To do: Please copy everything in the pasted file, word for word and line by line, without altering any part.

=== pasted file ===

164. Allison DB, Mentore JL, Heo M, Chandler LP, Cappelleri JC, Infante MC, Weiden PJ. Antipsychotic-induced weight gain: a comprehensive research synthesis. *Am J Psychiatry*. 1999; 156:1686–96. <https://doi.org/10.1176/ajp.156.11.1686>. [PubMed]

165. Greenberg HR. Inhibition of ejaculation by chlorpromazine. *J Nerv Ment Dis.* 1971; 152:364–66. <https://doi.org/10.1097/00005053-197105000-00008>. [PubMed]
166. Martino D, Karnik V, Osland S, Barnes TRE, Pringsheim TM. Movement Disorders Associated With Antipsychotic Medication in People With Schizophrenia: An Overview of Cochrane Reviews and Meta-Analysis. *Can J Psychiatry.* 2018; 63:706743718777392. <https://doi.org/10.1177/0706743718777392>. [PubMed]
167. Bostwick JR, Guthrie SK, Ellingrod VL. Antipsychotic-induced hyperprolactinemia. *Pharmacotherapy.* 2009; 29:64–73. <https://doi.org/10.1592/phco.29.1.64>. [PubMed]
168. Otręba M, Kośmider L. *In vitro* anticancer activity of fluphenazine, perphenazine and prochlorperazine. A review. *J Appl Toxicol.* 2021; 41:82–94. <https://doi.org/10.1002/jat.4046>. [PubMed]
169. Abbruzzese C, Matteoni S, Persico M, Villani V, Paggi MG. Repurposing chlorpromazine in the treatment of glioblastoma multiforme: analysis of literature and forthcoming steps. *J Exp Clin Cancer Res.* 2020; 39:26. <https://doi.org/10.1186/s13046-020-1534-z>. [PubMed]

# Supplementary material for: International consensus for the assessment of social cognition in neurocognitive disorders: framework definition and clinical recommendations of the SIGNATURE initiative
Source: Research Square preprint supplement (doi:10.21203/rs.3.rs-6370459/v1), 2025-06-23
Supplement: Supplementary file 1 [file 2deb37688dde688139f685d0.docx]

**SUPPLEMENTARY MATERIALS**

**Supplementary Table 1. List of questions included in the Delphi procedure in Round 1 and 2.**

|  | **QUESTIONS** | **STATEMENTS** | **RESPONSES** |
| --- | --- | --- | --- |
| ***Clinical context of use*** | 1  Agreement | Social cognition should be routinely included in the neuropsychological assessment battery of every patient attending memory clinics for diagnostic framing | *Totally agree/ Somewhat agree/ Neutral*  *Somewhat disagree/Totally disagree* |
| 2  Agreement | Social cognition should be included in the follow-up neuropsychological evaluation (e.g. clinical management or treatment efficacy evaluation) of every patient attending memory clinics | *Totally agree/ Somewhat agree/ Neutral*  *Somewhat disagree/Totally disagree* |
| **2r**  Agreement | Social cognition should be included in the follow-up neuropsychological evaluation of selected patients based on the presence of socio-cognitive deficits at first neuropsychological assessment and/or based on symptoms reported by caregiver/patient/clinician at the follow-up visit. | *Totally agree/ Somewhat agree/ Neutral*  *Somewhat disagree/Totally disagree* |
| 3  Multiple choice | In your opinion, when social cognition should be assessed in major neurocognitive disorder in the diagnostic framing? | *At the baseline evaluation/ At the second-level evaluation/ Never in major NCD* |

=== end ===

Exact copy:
164. Allison DB, Mentore JL, Heo M, Chandler LP, Cappelleri JC, Infante MC, Weiden PJ. Antipsychotic-induced weight gain: a comprehensive research synthesis. *Am J Psychiatry*. 1999; 156:1686–96. <https://doi.org/10.1176/ajp.156.11.1686>. [PubMed]

165. Greenberg HR. Inhibition of ejaculation by chlorpromazine. *J Nerv Ment Dis.* 1971; 152:364–66. <https://doi.org/10.1097/00005053-197105000-00008>. [PubMed]
166. Martino D, Karnik V, Osland S, Barnes TRE, Pringsheim TM. Movement Disorders Associated With Antipsychotic Medication in People With Schizophrenia: An Overview of Cochrane Reviews and Meta-Analysis. *Can J Psychiatry.* 2018; 63:706743718777392. <https://doi.org/10.1177/0706743718777392>. [PubMed]
167. Bostwick JR, Guthrie SK, Ellingrod VL. Antipsychotic-induced hyperprolactinemia. *Pharmacotherapy.* 2009; 29:64–73. <https://doi.org/10.1592/phco.29.1.64>. [PubMed]
168. Otręba M, Kośmider L. *In vitro* anticancer activity of fluphenazine, perphenazine and prochlorperazine. A review. *J Appl Toxicol.* 2021; 41:82–94. <https://doi.org/10.1002/jat.4046>. [PubMed]
169. Abbruzzese C, Matteoni S, Persico M, Villani V, Paggi MG. Repurposing chlorpromazine in the treatment of glioblastoma multiforme: analysis of literature and forthcoming steps. *J Exp Clin Cancer Res.* 2020; 39:26. <https://doi.org/10.1186/s13046-020-1534-z>. [PubMed]

# Supplementary material for: International consensus for the assessment of social cognition in neurocognitive disorders: framework definition and clinical recommendations of the SIGNATURE initiative
Source: Research Square preprint supplement (doi:10.21203/rs.3.rs-6370459/v1), 2025-06-23
Supplement: Supplementary file 1 [file 2deb37688dde688139f685d0.docx]

**SUPPLEMENTARY MATERIALS**

**Supplementary Table 1. List of questions included in the Delphi procedure in Round 1 and 2.**

|  | **QUESTIONS** | **STATEMENTS** | **RESPONSES** |
| --- | --- | --- | --- |
| ***Clinical context of use*** | 1  Agreement | Social cognition should be routinely included in the neuropsychological assessment battery of every patient attending memory clinics for diagnostic framing | *Totally agree/ Somewhat agree/ Neutral*  *Somewhat disagree/Totally disagree* |
| 2  Agreement | Social cognition should be included in the follow-up neuropsychological evaluation (e.g. clinical management or treatment efficacy evaluation) of every patient attending memory clinics | *Totally agree/ Somewhat agree/ Neutral*  *Somewhat disagree/Totally disagree* |
| **2r**  Agreement | Social cognition should be included in the follow-up neuropsychological evaluation of selected patients based on the presence of socio-cognitive deficits at first neuropsychological assessment and/or based on symptoms reported by caregiver/patient/clinician at the follow-up visit. | *Totally agree/ Somewhat agree/ Neutral*  *Somewhat disagree/Totally disagree* |
| 3  Multiple choice | In your opinion, when social cognition should be assessed in major neurocognitive disorder in the diagnostic framing? | *At the baseline evaluation/ At the second-level evaluation/ Never in major NCD* |